Again we have another player who spent nearly all his career with a team other than the Pittsburgh Steelers. For Motley, it was the Cleveland Browns and then he spent just one season in Pittsburgh. Motley was a rugged runner in the mold of a Jim Brown with a little more moxy. But with the Steelers, he hardly played. He was involved in just six games and carried the ball just twice. But, he is listed with the Steelers on the Hall of Fame list.
Chuck Noll (1969-1991)
The man who started it all. Winning that is. It took Chuck Noll a few seasons to get the ball rolling after he was hired in 1969. In fact, his rookie season saw a final record of just 1-13. But by drafting Joe Greene with his first draft that selection began the process of building a dynasty. Noll would coach a long time and was revered in Pittsburgh.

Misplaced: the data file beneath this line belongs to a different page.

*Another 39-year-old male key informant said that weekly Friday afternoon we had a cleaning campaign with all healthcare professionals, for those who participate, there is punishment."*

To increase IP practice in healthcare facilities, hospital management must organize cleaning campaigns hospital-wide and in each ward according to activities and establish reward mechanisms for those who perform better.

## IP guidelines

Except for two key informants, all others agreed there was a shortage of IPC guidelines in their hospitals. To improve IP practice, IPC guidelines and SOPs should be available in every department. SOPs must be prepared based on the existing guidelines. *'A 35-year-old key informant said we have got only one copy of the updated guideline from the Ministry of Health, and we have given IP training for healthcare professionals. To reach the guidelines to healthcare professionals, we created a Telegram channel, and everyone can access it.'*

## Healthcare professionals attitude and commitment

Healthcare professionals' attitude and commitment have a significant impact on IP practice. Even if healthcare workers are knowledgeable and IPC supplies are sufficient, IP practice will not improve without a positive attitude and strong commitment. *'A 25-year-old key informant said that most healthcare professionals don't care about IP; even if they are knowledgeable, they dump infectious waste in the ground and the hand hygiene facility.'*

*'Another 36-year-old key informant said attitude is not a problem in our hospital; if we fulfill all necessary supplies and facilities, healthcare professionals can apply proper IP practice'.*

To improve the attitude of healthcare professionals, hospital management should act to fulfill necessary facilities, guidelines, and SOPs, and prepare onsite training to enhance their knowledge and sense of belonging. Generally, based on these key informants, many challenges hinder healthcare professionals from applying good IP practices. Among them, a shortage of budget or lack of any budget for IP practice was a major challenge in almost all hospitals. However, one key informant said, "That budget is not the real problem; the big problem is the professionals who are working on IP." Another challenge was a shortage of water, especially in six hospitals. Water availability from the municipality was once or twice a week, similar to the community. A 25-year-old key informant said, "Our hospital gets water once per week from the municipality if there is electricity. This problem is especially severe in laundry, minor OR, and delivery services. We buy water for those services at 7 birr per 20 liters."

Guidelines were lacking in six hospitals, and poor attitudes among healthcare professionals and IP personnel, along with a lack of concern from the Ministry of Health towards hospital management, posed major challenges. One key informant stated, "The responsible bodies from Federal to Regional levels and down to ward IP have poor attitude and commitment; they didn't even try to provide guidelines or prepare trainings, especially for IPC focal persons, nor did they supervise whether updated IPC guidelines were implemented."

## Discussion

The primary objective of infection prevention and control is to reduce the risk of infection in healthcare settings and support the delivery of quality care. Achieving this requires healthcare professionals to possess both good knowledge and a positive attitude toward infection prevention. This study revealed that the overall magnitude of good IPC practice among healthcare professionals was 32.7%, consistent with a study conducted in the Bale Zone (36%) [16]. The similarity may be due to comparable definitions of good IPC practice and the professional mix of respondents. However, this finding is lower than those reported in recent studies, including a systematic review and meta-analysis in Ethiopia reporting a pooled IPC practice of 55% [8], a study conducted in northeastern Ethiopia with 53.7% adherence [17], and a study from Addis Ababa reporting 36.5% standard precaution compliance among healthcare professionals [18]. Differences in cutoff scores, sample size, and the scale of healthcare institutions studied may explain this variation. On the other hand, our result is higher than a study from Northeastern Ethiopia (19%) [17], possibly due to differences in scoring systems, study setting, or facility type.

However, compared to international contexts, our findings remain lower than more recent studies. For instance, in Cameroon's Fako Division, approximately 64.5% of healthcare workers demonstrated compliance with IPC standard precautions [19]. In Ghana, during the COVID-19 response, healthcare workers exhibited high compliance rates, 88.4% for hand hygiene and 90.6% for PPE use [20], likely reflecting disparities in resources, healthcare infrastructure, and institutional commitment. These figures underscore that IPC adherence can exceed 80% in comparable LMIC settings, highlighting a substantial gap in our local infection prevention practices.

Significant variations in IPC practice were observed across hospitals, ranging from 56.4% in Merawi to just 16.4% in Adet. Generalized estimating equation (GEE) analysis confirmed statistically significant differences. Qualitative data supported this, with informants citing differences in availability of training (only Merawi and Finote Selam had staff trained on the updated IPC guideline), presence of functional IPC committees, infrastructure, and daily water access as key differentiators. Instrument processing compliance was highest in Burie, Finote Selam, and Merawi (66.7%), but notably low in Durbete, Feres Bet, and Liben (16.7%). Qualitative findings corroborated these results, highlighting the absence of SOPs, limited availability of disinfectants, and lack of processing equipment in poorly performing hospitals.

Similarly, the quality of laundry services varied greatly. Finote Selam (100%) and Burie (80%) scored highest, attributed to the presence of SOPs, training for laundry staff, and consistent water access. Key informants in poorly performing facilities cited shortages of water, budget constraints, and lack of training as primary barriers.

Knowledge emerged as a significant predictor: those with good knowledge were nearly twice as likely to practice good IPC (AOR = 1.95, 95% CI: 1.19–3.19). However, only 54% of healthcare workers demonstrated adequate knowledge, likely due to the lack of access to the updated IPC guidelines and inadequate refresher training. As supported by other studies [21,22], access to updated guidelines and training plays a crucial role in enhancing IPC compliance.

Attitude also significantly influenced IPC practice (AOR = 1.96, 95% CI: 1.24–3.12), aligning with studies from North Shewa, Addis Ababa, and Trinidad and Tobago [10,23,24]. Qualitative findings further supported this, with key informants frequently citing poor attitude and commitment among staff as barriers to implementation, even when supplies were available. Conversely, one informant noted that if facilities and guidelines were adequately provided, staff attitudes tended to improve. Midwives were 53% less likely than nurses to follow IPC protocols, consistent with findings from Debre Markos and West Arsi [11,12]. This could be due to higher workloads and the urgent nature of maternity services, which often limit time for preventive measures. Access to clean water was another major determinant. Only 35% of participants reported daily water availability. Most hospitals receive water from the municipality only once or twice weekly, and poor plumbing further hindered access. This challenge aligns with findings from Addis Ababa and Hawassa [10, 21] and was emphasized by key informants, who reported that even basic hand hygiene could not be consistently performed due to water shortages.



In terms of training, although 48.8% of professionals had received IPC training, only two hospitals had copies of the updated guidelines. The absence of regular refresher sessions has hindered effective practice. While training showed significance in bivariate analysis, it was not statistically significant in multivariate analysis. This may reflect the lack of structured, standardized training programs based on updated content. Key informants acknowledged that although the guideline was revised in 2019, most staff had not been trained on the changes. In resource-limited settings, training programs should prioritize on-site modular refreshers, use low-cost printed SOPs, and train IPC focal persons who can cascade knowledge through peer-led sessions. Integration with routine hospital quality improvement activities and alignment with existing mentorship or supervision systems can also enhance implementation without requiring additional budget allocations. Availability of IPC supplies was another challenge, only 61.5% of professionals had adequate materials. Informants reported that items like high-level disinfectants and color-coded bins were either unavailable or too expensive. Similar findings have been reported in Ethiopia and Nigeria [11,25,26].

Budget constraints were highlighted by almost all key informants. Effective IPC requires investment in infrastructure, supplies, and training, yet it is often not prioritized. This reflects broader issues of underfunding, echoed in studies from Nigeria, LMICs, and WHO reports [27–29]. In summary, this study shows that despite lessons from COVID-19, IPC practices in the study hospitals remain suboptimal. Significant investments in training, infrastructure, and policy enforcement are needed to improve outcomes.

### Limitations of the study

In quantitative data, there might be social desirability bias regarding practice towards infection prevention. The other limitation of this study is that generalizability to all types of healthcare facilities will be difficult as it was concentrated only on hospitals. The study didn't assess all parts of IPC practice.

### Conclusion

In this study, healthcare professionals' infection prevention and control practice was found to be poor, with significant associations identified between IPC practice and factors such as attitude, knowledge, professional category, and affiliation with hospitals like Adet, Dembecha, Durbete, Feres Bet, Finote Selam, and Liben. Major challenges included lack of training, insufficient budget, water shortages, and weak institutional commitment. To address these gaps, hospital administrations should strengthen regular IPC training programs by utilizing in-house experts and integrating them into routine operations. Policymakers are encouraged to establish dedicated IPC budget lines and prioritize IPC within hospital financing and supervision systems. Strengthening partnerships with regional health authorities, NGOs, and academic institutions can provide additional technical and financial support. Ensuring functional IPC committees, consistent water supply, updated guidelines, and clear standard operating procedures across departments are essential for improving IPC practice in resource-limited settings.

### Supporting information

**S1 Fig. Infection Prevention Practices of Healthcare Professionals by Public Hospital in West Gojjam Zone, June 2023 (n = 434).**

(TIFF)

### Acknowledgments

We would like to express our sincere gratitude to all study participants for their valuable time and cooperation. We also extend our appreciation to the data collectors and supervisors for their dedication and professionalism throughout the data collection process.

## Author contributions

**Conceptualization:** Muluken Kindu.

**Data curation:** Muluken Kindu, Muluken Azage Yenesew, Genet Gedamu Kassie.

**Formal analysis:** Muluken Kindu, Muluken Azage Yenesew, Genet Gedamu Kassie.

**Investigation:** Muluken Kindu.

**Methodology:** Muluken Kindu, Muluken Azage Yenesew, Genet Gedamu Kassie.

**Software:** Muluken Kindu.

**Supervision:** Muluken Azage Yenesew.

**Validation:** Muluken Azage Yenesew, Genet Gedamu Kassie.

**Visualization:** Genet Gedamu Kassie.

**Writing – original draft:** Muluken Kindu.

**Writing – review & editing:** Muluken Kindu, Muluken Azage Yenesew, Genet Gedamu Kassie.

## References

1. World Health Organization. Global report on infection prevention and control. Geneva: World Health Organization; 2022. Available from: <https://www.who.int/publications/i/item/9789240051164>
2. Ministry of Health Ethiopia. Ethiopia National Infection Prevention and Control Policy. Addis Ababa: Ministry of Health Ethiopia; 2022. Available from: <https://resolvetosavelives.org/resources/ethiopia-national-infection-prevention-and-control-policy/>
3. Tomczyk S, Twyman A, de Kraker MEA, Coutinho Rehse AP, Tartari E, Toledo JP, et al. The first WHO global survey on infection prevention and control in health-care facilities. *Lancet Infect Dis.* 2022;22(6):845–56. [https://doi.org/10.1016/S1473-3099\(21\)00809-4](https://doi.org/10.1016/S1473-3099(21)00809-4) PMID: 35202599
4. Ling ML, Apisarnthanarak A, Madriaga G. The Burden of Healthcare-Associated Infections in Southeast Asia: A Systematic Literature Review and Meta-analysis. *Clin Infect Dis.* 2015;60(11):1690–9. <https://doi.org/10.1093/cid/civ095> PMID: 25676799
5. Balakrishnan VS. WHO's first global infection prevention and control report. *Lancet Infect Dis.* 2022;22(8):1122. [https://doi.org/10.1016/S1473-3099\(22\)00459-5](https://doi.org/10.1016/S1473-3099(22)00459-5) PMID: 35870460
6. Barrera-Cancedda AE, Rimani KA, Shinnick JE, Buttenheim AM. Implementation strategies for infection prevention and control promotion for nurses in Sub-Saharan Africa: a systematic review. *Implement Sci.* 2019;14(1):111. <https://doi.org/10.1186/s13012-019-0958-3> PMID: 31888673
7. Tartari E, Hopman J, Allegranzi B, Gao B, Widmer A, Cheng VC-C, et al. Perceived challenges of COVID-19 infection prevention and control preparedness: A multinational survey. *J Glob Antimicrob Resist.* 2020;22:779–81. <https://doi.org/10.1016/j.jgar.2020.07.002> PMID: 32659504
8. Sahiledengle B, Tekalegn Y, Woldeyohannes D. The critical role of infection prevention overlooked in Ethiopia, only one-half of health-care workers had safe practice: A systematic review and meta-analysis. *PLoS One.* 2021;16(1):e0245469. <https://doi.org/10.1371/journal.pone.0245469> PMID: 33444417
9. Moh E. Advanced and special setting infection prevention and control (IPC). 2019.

Troy Polamalu (2003-2014)
The “Tazmanian Devil” Troy Polamalu may have been one of the wildest players at defensive back or safety ever in the NFL. Polamalu would play with reckless abandon and sometimes that cost him by missing a tackle. But he was a hard hitter and a sure tackler and one distinct memory of #43 that stands out for me is his return of a Carson Palmer interception in a game against Cincinnati that saw just Palmer in the way of a pick-six. Polamalu simply ran over his former teammate at USC.
Art Rooney (1933-1988)